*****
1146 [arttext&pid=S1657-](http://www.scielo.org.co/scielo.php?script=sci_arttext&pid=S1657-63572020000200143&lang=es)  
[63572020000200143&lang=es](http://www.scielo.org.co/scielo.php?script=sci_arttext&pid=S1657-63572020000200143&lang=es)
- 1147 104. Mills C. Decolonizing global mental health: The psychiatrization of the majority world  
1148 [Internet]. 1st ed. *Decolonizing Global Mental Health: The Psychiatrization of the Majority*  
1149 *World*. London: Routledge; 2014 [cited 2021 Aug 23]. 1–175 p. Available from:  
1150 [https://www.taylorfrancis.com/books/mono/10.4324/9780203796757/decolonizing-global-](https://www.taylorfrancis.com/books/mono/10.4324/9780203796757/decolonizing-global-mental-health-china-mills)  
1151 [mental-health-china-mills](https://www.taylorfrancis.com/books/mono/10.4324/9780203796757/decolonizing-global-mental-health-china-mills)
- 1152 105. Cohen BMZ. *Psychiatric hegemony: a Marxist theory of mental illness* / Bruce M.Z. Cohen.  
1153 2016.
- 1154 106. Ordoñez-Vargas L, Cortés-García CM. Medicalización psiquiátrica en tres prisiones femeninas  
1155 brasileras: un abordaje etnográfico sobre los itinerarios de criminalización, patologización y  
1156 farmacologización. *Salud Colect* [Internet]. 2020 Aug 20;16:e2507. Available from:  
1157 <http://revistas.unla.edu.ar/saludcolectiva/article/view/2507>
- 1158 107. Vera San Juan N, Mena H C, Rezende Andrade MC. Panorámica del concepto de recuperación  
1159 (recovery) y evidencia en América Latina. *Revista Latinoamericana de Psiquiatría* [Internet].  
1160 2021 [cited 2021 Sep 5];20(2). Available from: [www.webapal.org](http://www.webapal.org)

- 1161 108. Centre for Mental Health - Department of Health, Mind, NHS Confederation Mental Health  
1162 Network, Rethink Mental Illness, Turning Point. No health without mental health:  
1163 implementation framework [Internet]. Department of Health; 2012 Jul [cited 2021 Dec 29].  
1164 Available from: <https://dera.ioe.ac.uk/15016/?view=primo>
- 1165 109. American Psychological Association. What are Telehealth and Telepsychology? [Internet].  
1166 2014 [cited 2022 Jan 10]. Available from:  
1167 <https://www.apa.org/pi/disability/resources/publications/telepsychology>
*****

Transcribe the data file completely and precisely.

1146 [arttext&pid=S1657-](http://www.scielo.org.co/scielo.php?script=sci_arttext&pid=S1657-63572020000200143&lang=es)  
[63572020000200143&lang=es](http://www.scielo.org.co/scielo.php?script=sci_arttext&pid=S1657-63572020000200143&lang=es)
- 1147 104. Mills C. Decolonizing global mental health: The psychiatrization of the majority world  
1148 [Internet]. 1st ed. *Decolonizing Global Mental Health: The Psychiatrization of the Majority*  
1149 *World*. London: Routledge; 2014 [cited 2021 Aug 23]. 1–175 p. Available from:  
1150 [https://www.taylorfrancis.com/books/mono/10.4324/9780203796757/decolonizing-global-](https://www.taylorfrancis.com/books/mono/10.4324/9780203796757/decolonizing-global-mental-health-china-mills)  
1151 [mental-health-china-mills](https://www.taylorfrancis.com/books/mono/10.4324/9780203796757/decolonizing-global-mental-health-china-mills)
- 1152 105. Cohen BMZ. *Psychiatric hegemony: a Marxist theory of mental illness* / Bruce M.Z. Cohen.  
1153 2016.
- 1154 106. Ordoñez-Vargas L, Cortés-García CM. Medicalización psiquiátrica en tres prisiones femeninas  
1155 brasileras: un abordaje etnográfico sobre los itinerarios de criminalización, patologización y  
1156 farmacologización. *Salud Colect* [Internet]. 2020 Aug 20;16:e2507. Available from:  
1157 <http://revistas.unla.edu.ar/saludcolectiva/article/view/2507>
- 1158 107. Vera San Juan N, Mena H C, Rezende Andrade MC. Panorámica del concepto de recuperación  
1159 (recovery) y evidencia en América Latina. *Revista Latinoamericana de Psiquiatría* [Internet].  
1160 2021 [cited 2021 Sep 5];20(2). Available from: [www.webapal.org](http://www.webapal.org)

- 1161 108. Centre for Mental Health - Department of Health, Mind, NHS Confederation Mental Health  
1162 Network, Rethink Mental Illness, Turning Point. No health without mental health:  
1163 implementation framework [Internet]. Department of Health; 2012 Jul [cited 2021 Dec 29].  
1164 Available from: <https://dera.ioe.ac.uk/15016/?view=primo>
- 1165 109. American Psychological Association. What are Telehealth and Telepsychology? [Internet].  
1166 2014 [cited 2022 Jan 10]. Available from:  
1167 <https://www.apa.org/pi/disability/resources/publications/telepsychology>